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  • Armando Vezza says:

    Real­ly nice to see this video. I was born in Glas­gow and know Cen­tral Sta­tion very well. I was 21 in 1976 and I was even at the con­cert in the Apol­lo, but I had no idea he had been busk­ing in the street before. Thanks for post­ing this!

  • Stacey Flynn says:

    That was great! Thanks for post­ing this. As always, Neil has on a great hat.

  • Sam Tennent says:

    Great sto­ry — I was also at the gig that night but spent most of the day wan­der­ing about Glas­gow City Cen­tre going round the record shops as was my habit at that time. Can’t believe I missed Neil busk­ing. Pret­ty sure the copy of this I have is in colour — actu­al­ly I’ve got sev­er­al copies — VCas­sette, VCD, DVD but I’d need to check cos I haven’t watched it for a while. Would be awe­some to see the footage of the actu­al show — my first Neil con­cert of 18 and (hope­ful­ly) count­ing!

  • Richard H says:

    Sor­ry but the video looked like a fake to me. The ordi­nary peo­ple caught on cam­era were’nt react­ing to the fact that a cam­era was there. The Neil shown could eas­i­ly have been a look-alike ; the scarf, hat, beard all helped.

  • Johan Tewks says:

    How can Richard say it looks fake??? All those hun­dreds of peo­ple are actors? I saw quite a few glance ner­vous­ly right into the cam­era. And how can you not rec­og­nize Neil’s face espe­cial­ly when they get close? I think it’s one of the coolest videos ever!

  • MICHAEL A says:

    What great footage…CLASSIC NEIL. Incon­spic­u­ous at first but some in the crowd final­ly real­ized it was Ol’ Shakey, well, not so Ol’ back then.

  • Stewart says:

    David Peat sad­ly passed away recent­ly. If you’re in or near Glas­gow, a superb exhi­bi­tion of his pho­tos is cur­rent­ly on at Street Lev­el Pho­toworks. Can’t rec­om­mend it enough. The same obser­va­tion­al and human­ist qual­i­ties he brings to the film above shine through in his stills.

  • gus paton says:

    I spot­ted him at the sta­tion and told my old­er broth­er at the time but he thought it could­nt be. The con­cert was superb I was 17.

  • Shoib says:

    Total­ly LOVED this. What a leg­end. GREAT wee sto­ry. Boy Glas­gow of old was such a dif­fer­ent place. Would love to have seen the colour footage. Thanks for shar­ing. Won­der­ful.

  • Larry Klawiter says:

    I think Justin Ver­non must have heard this at some point in time, maybe a sub­lim­i­nal influ­ence.

  • gray ghostwriter says:

    It looks like that younger woman real­ized who she was lis­ten­ing to at about the 3:00 mark…

  • james mc laughlin says:

    For many years a young man in Dum­b­ar­ton ‑who liked a bit of a drink, and also a friend of mine told every­one in the town that he had busked with Neil Young at the cen­tral sta­tion and no one believed him until this video came to light to me via youtube and to my amaze­ment there he was. His name is Vin­cent McFar­lane who is now dead and who was a great har­mon­i­ca play­er. In the video he is try­ing to say to peo­ple who the unknown busker was. No one recog­nised Young apart from Vin­cent who knew his music. If you need any­more info let me know. James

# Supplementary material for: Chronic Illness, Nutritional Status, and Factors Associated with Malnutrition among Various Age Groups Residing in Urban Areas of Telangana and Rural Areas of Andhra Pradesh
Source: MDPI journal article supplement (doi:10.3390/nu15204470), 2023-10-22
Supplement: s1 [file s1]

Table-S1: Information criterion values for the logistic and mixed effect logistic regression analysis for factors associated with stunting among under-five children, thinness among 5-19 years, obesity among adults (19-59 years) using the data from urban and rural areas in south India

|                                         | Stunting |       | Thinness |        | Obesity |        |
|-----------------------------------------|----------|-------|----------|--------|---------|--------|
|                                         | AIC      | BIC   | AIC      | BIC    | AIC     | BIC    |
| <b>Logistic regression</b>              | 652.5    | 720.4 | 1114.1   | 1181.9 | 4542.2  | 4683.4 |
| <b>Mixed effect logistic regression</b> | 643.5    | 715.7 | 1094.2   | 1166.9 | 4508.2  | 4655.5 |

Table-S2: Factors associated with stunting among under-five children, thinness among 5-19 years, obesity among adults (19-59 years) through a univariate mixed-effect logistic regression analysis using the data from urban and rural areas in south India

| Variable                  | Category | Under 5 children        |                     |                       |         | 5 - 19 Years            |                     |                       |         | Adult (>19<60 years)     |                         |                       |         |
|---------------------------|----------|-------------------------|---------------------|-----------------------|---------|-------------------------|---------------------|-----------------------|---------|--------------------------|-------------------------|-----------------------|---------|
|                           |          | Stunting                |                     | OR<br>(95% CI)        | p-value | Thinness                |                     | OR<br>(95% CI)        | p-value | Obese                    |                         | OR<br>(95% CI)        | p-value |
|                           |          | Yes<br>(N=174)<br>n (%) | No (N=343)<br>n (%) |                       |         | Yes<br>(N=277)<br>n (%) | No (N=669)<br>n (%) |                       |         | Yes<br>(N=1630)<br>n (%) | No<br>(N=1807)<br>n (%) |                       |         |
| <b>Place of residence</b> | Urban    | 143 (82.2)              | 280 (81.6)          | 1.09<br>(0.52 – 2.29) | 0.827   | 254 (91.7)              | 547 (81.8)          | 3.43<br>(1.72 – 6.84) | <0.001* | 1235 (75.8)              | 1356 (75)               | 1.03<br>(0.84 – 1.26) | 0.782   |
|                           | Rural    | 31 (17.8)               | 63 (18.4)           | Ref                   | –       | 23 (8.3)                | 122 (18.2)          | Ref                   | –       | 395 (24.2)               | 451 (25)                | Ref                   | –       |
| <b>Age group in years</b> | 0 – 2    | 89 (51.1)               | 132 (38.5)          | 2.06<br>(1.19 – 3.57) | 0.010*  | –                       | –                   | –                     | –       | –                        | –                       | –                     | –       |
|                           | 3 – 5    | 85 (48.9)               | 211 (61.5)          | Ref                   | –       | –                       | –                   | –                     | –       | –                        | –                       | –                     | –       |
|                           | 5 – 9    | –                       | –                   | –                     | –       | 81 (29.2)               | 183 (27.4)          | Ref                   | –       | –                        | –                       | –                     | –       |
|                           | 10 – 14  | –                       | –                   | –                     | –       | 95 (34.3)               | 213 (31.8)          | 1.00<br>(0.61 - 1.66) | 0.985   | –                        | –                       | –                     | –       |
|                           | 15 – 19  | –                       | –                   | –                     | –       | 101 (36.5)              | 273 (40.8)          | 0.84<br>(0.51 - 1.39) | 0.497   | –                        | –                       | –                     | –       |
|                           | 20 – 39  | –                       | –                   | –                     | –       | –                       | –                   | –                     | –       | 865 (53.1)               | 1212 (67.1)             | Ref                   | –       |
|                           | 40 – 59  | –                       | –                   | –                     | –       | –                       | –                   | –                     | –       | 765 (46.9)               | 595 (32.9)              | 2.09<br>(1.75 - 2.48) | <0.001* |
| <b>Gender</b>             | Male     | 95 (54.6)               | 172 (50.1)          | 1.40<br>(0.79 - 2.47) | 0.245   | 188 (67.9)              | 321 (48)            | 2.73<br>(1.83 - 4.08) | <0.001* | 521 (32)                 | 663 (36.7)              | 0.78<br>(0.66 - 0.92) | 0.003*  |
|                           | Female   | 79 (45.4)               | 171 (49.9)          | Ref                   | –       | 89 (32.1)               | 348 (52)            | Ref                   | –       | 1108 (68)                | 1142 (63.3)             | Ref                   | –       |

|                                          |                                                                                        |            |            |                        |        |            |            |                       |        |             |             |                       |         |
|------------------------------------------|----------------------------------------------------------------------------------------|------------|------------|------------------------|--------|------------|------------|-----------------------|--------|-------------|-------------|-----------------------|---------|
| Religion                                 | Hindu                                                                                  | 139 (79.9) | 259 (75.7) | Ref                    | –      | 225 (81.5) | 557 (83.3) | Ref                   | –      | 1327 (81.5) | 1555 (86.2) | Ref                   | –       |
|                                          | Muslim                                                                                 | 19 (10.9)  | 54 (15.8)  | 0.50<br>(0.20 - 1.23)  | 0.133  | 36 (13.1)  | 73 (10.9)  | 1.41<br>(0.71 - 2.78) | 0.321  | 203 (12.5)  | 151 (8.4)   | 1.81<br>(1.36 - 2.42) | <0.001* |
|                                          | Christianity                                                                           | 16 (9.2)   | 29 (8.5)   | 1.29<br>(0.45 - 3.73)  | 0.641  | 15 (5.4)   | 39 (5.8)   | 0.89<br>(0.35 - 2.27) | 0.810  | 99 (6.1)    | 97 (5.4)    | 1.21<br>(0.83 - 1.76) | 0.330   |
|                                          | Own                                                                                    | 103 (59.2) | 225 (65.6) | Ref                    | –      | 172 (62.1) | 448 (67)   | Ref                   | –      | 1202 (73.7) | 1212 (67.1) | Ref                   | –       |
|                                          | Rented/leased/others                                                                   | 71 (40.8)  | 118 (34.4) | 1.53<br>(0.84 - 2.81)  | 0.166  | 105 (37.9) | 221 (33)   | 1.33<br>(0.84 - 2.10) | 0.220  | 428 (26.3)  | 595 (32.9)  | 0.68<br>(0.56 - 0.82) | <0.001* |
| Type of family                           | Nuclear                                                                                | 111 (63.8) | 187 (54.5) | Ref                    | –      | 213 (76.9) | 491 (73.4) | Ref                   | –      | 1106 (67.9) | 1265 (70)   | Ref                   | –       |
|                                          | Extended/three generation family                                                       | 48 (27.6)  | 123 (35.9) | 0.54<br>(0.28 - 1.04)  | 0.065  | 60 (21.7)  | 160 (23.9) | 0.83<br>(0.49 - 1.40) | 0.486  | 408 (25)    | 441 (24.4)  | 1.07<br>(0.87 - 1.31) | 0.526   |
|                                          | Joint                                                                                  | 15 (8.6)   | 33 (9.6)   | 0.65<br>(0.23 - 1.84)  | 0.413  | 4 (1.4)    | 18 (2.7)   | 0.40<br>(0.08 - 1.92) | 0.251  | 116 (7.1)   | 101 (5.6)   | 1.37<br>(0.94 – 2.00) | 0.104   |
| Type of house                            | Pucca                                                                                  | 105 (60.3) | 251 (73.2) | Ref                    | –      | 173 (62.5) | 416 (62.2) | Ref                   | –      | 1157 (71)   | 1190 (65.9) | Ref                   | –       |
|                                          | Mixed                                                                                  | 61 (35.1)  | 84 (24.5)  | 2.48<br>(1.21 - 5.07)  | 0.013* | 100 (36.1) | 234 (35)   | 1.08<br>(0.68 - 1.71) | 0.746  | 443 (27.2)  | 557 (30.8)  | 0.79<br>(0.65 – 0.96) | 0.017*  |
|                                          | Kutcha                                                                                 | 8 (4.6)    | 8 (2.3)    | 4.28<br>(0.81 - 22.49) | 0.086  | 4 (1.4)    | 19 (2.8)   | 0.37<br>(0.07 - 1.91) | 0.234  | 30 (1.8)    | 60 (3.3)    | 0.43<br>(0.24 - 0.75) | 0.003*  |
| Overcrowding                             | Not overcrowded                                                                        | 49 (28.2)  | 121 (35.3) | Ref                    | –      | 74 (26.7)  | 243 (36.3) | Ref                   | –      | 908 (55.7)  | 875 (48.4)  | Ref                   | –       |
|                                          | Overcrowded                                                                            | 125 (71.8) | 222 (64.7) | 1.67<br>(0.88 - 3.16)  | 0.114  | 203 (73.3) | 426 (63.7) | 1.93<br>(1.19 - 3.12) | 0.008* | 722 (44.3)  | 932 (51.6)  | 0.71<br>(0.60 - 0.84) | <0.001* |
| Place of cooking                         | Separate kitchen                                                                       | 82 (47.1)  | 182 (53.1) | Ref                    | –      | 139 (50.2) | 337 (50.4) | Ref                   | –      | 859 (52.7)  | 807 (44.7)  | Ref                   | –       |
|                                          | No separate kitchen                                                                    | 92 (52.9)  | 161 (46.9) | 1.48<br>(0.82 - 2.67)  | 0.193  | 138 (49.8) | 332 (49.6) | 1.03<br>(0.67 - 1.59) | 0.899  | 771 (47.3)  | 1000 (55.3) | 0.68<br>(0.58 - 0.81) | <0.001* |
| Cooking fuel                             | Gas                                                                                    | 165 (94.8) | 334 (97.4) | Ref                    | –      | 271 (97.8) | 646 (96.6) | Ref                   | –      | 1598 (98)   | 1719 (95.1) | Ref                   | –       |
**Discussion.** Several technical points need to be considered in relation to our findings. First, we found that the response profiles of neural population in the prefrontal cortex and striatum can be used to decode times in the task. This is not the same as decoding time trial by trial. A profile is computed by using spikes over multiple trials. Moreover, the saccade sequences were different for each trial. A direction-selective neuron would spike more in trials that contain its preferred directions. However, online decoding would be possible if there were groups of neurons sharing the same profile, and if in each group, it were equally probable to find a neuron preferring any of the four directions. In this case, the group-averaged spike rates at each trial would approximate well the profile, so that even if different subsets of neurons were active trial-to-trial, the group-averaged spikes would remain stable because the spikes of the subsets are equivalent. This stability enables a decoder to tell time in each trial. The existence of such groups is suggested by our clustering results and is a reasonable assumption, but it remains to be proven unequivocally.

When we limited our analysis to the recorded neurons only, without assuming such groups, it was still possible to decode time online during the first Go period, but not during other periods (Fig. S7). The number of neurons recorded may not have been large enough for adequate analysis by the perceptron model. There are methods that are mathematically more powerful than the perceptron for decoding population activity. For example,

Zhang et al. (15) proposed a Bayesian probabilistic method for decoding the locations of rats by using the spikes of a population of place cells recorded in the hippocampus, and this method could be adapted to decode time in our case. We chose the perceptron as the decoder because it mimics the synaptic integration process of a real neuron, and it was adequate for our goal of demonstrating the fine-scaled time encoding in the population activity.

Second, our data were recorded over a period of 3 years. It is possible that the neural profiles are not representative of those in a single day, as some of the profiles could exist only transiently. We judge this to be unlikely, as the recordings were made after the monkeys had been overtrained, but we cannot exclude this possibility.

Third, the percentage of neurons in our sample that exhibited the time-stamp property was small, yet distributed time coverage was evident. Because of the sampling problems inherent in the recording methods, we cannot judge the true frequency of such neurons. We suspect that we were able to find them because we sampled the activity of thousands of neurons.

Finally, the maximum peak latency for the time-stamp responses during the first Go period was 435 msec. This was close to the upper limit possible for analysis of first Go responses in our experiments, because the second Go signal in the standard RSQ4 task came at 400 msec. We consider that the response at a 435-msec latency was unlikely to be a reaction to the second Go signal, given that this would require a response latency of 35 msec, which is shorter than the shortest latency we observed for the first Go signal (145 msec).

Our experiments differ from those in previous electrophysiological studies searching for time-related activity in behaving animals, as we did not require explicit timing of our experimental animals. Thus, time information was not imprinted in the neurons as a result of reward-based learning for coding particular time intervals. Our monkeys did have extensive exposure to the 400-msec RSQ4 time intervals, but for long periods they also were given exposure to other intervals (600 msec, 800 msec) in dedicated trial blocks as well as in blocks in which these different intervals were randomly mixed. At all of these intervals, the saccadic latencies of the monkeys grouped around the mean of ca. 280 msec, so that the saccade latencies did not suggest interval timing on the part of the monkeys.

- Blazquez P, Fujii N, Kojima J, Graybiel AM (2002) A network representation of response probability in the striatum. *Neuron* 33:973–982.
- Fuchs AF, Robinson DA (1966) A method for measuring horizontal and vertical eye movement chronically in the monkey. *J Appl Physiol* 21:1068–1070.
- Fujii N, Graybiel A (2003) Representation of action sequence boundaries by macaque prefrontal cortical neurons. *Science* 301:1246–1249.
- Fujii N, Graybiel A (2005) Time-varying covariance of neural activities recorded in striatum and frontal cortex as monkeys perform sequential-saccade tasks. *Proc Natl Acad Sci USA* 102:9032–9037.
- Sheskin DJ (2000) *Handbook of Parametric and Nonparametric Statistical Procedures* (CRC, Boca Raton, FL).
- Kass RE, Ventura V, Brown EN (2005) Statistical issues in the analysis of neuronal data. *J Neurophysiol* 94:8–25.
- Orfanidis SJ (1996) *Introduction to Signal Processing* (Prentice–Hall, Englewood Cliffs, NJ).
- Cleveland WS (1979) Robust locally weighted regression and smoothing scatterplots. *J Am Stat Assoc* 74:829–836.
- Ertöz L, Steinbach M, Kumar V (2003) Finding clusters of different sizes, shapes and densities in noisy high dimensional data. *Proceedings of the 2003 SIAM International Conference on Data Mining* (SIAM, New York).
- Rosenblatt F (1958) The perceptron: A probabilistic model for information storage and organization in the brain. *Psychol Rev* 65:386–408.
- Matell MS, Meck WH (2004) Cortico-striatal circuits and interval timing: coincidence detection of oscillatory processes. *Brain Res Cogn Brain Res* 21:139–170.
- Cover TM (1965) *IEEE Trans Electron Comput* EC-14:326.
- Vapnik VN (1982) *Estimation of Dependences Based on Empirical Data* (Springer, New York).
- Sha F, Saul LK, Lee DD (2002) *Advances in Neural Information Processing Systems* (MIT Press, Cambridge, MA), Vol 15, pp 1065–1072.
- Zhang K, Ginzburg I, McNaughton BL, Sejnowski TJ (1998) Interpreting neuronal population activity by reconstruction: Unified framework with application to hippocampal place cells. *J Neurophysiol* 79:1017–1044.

• alex mccord says:

    This video is huge! How kool would it be to do it again at his age today for S/G’s?

  • Stephen C Harvey says:

    First off that’s a gui­tar that looks like a ban­jo, but is played like a gui­tar (count the strings). This film is noth­ing like the tie Neil showed up at the local Pig­gy Wig­gly with his sitar. He played for half an hour and nobody gave a damn. Even­tu­al­ly the store man­ag­er grabbed Neil by the ear and make him stock cans for the rest of the shift. All footage was erased by an embar­rassed Neil.

  • Tony says:

    Hi Arman­do, as a kid I stayed two doors along from you on A.rd ‚I even­tu­al­ly worked with Lewis Kramer and I knew he had his own copy of the sound he cap­tured that day, I pestered him for a long time for a boot­leg but it wasn’t to be he wouldn’t part with it.

  • Bill Regan says:

    How cool…I was in the Army then, US, sta­tioned in Germany–saw Neil and The Horse in Frank­furt in March, then he went on to even­tu­al­ly clos­ing the tour out in Glasgow..imagine catch­ing him in a street performance–true fans would know just by the voice. Thanks for shar­ing.

  • Tam Marley says:

    James, the first time I saw this video I thought I rec­og­nized the young blonde ‘girl’ crouch­ing next to Neil. After watch­ing it a few times I real­ized it was Vin­cent! Vin­cent was my mate’s appren­tice when he was a print­er and I recall him telling us that he had seen Neil busk­ing in Glas­gow and like you said, nobody believed him, includ­ing I have learned, his old­er broth­er Mar­tin who was in my pri­ma­ry class­es.
    Sad that Vin­cent nev­er got to see this video him­self.
    I was at this show and remem­ber Neil falling off his stool and being helped up by a stage­hand. A ‘new’ band opened up for Neil, they were called the Eagles.

  • Tam Marley says:

    I have just been informed by a friend that the Neil Young con­cert I referred to when the Eagles opened for him actu­al­ly took place in Novem­ber 1973,